If there are only 2 PC's or devices attached to a hub its as fast as a switch. If more than 2 are attached to a hub, they all have to share the available bandwidth. If use is light, there is no performance difference. If use is heavy (busy office network, servers & internet access & printing, etc.) performance can go down fast.
I don't know of any real benchmarks because the hub vs switch debate was pretty well decided before everything became popular on the internet but you can try a google search - maybe someone's paper was published.
If there are more than 2 devices connected to the switch/hub you will probably notice a difference between a hub and a switch when you do file transfers. I dont know of any place you could even buy a hub right now and even so, switches are so cheap why not get one?
A hub is basically a multiport repeater. As in, it is a layer 1 (physical layer of the OSI model) device only. Which means that a hub doesn't care what port is sends traffic out of except the originating port. A hub forwards traffic regardless of destination MAC to ALL ports except the originating port. A hub is one large collision domain (more collision domains = better) as well as a broadcast domain. This would cause excess traffic on even a 5+ computer LAN IMHO.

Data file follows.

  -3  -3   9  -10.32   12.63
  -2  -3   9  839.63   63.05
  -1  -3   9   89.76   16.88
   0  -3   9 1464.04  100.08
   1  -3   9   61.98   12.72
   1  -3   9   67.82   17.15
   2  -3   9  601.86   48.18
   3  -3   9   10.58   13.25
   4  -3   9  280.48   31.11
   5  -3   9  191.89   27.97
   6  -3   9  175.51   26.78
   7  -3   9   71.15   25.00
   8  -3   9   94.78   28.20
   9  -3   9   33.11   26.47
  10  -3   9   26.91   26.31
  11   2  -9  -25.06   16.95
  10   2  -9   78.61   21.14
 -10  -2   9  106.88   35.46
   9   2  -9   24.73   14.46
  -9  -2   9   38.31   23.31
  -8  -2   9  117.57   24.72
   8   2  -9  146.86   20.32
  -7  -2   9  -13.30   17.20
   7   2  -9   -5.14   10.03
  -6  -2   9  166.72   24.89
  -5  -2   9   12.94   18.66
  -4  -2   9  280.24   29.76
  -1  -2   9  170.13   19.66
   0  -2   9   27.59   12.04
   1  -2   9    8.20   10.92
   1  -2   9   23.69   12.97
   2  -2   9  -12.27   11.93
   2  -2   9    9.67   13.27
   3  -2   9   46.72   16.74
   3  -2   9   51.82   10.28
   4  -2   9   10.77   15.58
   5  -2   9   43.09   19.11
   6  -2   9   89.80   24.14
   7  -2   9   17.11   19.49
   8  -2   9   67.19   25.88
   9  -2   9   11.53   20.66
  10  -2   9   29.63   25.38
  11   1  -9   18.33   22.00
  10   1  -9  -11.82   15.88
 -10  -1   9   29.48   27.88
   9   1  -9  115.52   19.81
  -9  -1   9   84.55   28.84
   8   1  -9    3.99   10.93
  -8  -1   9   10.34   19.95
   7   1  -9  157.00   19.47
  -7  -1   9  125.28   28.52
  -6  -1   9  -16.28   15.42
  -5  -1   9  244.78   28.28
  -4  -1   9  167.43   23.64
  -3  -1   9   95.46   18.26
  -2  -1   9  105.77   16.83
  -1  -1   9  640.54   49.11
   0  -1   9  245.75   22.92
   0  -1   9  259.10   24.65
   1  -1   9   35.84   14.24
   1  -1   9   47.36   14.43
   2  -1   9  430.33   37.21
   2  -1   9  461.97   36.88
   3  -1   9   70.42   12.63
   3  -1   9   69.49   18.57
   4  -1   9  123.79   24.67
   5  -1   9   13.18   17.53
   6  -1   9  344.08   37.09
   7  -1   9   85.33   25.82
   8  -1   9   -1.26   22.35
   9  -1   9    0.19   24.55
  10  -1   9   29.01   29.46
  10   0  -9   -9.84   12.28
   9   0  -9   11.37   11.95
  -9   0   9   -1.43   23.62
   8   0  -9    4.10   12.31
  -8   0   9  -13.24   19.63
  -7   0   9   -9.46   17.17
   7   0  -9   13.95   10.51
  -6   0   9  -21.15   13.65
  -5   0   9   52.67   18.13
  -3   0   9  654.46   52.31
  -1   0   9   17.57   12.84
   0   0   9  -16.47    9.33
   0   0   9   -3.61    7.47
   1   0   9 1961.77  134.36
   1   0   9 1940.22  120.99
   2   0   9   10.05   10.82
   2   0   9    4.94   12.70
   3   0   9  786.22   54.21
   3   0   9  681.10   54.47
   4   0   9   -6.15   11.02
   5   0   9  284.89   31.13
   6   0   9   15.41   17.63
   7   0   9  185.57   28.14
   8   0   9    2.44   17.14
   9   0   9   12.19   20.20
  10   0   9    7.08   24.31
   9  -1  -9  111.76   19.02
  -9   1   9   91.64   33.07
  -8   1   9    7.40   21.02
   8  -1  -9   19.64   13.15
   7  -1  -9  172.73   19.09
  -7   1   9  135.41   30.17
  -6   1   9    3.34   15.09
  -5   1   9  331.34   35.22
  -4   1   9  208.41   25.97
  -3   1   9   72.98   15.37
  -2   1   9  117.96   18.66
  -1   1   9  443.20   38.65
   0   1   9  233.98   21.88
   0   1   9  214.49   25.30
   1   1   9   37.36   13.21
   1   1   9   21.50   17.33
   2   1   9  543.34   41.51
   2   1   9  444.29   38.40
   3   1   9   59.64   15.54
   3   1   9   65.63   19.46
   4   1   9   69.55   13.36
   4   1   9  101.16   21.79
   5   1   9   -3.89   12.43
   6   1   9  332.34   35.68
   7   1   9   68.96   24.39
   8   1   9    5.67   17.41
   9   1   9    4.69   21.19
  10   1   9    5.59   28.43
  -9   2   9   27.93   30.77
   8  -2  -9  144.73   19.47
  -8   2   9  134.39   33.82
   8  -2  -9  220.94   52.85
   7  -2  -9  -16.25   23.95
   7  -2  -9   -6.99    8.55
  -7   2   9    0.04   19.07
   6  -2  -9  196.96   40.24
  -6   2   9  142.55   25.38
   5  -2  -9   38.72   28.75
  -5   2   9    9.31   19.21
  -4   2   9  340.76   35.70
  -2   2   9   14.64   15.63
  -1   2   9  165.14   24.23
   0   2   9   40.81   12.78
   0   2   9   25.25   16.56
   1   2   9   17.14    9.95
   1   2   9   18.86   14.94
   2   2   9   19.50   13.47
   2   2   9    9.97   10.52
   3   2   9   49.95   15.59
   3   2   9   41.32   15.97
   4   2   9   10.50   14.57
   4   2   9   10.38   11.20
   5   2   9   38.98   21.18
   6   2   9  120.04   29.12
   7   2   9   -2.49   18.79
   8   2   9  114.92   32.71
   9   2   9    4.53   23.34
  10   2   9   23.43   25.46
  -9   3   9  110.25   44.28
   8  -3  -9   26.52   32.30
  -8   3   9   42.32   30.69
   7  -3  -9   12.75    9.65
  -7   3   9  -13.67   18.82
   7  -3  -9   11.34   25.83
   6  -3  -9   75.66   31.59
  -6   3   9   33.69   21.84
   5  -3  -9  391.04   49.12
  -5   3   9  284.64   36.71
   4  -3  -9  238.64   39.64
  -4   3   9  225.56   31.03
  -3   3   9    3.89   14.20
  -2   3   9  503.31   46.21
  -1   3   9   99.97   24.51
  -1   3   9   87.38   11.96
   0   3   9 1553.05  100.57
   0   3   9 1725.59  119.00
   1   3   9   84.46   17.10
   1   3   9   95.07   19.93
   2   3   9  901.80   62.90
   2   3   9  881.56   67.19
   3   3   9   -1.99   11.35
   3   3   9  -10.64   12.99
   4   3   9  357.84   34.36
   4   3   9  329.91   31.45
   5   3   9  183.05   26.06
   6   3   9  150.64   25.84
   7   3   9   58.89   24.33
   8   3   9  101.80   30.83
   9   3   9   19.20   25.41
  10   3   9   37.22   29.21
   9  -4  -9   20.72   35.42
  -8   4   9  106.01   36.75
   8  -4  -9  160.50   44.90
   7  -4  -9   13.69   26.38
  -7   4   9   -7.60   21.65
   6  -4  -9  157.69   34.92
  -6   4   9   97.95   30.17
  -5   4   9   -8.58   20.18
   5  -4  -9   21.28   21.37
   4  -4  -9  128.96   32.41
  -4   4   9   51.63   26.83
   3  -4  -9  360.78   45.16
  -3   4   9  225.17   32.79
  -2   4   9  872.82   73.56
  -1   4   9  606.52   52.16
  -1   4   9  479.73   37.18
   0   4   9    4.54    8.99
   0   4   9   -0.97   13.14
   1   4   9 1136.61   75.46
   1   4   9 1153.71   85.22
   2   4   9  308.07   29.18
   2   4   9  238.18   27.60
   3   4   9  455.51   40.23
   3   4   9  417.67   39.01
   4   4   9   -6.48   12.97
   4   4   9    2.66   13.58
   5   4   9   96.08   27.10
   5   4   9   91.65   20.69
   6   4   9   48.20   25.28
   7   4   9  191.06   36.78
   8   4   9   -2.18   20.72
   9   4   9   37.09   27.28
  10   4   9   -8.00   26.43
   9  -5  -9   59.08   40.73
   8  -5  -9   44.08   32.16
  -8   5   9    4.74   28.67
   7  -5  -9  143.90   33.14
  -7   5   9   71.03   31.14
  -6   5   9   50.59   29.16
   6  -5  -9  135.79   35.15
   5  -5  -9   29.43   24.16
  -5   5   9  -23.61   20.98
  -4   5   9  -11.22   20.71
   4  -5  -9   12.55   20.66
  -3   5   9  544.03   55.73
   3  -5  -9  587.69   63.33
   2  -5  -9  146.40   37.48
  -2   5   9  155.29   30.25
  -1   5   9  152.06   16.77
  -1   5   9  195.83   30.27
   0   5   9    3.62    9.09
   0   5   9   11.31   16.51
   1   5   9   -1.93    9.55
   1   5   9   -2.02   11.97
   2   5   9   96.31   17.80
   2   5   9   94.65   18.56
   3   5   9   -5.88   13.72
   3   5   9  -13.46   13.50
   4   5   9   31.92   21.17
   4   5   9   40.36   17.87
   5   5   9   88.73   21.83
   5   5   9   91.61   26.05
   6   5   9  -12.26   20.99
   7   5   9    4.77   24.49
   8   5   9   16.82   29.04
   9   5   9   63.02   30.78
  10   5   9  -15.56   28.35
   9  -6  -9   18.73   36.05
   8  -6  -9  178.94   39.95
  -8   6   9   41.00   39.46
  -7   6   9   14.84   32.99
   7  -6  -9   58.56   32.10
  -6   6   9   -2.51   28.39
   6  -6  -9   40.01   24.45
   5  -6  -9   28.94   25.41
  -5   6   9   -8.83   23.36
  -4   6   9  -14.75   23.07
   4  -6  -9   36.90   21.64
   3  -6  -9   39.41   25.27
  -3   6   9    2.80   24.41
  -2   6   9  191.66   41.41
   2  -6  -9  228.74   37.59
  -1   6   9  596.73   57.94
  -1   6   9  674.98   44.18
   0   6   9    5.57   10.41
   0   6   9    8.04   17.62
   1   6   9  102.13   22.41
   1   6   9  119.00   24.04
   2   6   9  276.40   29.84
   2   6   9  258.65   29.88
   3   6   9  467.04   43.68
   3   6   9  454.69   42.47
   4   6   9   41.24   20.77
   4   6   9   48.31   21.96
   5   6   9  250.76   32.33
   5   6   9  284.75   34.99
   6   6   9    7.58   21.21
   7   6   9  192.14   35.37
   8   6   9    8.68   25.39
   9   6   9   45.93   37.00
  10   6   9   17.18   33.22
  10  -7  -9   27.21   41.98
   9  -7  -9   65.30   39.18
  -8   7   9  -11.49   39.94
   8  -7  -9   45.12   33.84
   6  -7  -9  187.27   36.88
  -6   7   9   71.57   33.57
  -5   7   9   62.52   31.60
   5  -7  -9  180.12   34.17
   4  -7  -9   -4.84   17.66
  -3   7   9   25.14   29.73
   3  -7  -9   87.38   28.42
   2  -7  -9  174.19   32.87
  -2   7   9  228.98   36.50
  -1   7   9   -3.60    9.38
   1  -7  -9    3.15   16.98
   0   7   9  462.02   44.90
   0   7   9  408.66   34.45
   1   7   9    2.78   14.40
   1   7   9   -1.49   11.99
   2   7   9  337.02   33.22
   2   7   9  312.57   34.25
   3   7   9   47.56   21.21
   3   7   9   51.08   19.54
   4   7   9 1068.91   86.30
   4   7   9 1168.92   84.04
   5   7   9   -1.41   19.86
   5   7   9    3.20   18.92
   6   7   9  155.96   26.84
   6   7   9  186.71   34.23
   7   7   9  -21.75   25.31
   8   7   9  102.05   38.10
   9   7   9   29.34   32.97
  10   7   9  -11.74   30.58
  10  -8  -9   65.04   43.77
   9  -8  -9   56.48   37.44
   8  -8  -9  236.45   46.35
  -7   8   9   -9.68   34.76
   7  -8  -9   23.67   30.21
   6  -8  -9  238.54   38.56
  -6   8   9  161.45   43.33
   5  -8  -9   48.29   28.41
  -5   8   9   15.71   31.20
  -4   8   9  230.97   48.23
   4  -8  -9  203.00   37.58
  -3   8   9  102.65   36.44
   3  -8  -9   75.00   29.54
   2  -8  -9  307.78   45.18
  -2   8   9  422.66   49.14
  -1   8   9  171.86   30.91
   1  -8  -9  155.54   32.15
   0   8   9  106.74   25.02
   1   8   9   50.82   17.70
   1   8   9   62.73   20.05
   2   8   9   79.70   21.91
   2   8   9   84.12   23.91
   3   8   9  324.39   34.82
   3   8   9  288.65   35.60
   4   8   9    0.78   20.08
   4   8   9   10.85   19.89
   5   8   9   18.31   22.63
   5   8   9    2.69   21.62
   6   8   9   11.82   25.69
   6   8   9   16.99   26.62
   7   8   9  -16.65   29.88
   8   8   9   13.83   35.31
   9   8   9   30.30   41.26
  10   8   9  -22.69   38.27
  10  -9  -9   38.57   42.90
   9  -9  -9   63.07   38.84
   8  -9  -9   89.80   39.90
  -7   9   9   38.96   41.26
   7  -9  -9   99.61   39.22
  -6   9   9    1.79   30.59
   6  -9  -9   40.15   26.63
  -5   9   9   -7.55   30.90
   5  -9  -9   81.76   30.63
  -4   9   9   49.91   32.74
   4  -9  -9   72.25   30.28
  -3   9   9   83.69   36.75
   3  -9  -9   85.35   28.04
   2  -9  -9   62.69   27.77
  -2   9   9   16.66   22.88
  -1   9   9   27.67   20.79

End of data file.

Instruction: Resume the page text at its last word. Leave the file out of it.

A switch is a multiport bridge in that it is layer 2 (data link layer of the OSI model). A basic layer 2 switch keeps track of the MAC addresses of the NIC's that are connected to the switch ports and will only forward traffic to the appropriate port. A switch can support full duplex communications also. A switch creates more collision domains (which is good) but still is a broadcast domain since it will forward a broadcast frame (MAC address with all F's) to every port on the switch.
In short, go with a switch instead of a hub. The above replies are accurate - two PC's on a hub is no difference from a switch. Anymore and your LAN bandwidth will be wasted from forwarded frames that most will just be discarded by the host PC's NIC.